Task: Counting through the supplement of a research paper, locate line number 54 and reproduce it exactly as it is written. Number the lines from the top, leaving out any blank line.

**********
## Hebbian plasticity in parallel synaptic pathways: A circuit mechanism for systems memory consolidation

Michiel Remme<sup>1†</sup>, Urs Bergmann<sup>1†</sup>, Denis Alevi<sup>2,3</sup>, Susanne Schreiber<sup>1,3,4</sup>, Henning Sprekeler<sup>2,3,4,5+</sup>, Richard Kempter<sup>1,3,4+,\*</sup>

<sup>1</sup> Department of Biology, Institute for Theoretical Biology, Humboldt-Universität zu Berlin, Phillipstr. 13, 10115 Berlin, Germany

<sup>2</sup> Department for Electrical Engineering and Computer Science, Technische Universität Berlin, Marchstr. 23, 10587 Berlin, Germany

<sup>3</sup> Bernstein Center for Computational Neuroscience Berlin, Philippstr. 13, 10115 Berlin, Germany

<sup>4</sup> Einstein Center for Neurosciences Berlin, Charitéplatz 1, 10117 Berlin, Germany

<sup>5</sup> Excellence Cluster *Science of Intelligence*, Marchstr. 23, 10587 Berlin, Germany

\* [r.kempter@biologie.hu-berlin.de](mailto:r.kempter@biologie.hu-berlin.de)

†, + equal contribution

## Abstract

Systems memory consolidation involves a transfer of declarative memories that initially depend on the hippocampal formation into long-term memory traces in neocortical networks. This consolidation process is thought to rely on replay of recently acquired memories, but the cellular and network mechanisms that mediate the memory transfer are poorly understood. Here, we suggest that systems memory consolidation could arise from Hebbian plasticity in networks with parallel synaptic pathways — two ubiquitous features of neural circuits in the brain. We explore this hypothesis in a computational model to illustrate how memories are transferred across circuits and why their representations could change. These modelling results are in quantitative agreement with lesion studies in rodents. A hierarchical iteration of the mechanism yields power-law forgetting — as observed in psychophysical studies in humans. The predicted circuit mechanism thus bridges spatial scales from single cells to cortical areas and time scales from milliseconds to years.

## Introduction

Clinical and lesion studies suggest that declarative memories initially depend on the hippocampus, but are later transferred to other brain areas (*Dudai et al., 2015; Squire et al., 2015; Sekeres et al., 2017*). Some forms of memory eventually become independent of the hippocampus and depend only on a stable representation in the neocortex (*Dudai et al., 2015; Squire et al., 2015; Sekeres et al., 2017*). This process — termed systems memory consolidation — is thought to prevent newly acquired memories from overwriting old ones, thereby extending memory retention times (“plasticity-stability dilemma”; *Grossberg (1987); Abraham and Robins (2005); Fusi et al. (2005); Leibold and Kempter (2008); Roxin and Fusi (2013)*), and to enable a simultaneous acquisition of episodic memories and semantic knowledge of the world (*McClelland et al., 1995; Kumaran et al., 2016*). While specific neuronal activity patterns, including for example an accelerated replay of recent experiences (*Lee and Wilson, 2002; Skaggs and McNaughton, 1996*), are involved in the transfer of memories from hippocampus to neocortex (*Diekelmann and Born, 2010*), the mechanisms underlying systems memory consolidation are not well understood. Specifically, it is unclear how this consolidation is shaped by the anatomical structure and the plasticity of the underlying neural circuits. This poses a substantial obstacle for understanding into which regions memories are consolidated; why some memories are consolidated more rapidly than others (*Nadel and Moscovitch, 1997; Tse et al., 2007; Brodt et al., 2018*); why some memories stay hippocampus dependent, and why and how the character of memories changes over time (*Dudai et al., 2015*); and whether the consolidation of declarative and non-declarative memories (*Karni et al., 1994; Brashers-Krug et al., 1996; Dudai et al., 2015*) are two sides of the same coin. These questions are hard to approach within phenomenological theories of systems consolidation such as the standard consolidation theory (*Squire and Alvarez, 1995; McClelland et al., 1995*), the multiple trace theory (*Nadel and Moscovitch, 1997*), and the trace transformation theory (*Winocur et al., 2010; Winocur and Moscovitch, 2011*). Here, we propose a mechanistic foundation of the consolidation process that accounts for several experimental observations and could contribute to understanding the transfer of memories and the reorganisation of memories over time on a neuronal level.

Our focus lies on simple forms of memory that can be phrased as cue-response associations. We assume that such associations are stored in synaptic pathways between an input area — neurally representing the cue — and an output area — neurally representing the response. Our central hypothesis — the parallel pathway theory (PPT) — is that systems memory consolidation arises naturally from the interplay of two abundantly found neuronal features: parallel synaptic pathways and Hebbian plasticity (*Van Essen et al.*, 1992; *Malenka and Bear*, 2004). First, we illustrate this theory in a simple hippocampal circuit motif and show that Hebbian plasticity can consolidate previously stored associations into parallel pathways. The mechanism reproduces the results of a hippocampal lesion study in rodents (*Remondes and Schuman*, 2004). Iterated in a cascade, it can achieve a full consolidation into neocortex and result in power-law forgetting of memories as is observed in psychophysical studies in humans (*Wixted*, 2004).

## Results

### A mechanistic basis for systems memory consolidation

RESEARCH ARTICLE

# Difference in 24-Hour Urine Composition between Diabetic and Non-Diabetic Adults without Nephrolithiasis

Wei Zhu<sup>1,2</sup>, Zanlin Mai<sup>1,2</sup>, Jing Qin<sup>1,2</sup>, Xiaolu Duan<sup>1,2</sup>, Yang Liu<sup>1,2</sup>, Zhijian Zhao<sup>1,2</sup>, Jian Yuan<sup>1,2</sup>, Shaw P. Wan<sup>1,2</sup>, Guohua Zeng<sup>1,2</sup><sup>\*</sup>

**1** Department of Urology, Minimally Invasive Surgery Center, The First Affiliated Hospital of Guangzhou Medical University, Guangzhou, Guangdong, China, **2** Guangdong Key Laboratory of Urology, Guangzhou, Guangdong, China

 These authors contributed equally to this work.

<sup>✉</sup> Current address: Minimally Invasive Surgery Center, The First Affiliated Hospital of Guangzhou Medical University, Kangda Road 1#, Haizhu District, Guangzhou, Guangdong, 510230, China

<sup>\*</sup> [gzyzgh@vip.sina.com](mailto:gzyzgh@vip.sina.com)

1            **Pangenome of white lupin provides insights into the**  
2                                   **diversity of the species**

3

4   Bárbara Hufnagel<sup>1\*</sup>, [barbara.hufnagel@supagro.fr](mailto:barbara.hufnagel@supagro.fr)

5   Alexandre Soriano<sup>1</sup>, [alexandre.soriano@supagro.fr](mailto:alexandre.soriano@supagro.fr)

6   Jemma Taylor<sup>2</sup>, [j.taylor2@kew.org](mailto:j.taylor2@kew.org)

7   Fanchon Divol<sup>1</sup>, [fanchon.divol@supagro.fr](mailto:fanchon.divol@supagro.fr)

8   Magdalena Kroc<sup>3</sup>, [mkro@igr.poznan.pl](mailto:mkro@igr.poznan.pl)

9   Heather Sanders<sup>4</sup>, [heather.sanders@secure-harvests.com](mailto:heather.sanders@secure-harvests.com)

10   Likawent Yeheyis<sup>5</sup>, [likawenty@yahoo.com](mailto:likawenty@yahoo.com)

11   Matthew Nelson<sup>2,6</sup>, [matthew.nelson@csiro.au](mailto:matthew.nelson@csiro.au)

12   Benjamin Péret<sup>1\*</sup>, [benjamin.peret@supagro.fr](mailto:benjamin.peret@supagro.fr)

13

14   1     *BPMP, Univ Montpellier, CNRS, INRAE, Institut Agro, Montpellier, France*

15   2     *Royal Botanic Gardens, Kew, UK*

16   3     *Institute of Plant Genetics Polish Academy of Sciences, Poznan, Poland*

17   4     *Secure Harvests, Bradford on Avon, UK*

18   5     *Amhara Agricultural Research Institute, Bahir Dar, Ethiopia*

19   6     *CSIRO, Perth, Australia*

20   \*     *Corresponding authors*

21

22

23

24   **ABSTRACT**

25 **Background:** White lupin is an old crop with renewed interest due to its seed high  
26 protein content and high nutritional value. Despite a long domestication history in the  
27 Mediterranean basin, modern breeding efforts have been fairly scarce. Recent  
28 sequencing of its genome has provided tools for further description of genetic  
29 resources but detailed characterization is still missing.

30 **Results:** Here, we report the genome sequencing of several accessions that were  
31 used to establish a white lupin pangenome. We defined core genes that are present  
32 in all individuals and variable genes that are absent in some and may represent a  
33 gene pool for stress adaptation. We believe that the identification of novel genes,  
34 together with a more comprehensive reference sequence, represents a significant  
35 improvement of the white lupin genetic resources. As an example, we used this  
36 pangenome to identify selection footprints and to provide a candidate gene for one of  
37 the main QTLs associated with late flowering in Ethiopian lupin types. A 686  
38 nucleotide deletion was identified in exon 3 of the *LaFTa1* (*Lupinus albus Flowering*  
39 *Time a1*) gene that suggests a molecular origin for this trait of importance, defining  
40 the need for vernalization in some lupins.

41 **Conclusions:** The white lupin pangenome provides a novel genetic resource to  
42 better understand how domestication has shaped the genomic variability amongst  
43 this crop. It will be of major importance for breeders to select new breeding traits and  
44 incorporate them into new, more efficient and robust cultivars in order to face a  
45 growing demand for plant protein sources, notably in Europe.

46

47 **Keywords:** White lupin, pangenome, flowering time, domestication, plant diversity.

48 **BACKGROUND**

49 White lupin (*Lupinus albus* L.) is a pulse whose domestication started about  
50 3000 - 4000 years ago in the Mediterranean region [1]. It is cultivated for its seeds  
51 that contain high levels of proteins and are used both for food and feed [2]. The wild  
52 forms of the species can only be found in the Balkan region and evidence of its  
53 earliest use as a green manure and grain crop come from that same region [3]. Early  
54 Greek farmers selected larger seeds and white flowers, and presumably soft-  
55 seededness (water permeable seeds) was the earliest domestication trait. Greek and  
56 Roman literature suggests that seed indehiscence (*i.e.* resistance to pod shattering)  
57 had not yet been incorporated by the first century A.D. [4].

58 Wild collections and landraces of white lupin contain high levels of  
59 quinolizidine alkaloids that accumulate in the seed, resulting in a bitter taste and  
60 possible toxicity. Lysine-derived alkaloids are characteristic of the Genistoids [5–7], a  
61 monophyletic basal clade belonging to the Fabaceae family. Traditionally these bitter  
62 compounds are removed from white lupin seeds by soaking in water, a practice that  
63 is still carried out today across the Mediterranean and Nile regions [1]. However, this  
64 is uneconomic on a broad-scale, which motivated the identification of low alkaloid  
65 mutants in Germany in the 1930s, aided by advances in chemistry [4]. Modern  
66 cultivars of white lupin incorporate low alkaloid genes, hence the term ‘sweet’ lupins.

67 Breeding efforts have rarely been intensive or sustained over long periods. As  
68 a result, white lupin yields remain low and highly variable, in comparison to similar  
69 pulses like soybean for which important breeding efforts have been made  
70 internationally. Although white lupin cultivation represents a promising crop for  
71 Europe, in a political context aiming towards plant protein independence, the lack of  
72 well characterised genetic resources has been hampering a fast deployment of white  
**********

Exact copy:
31 used to establish a white lupin pangenome. We defined core genes that are present  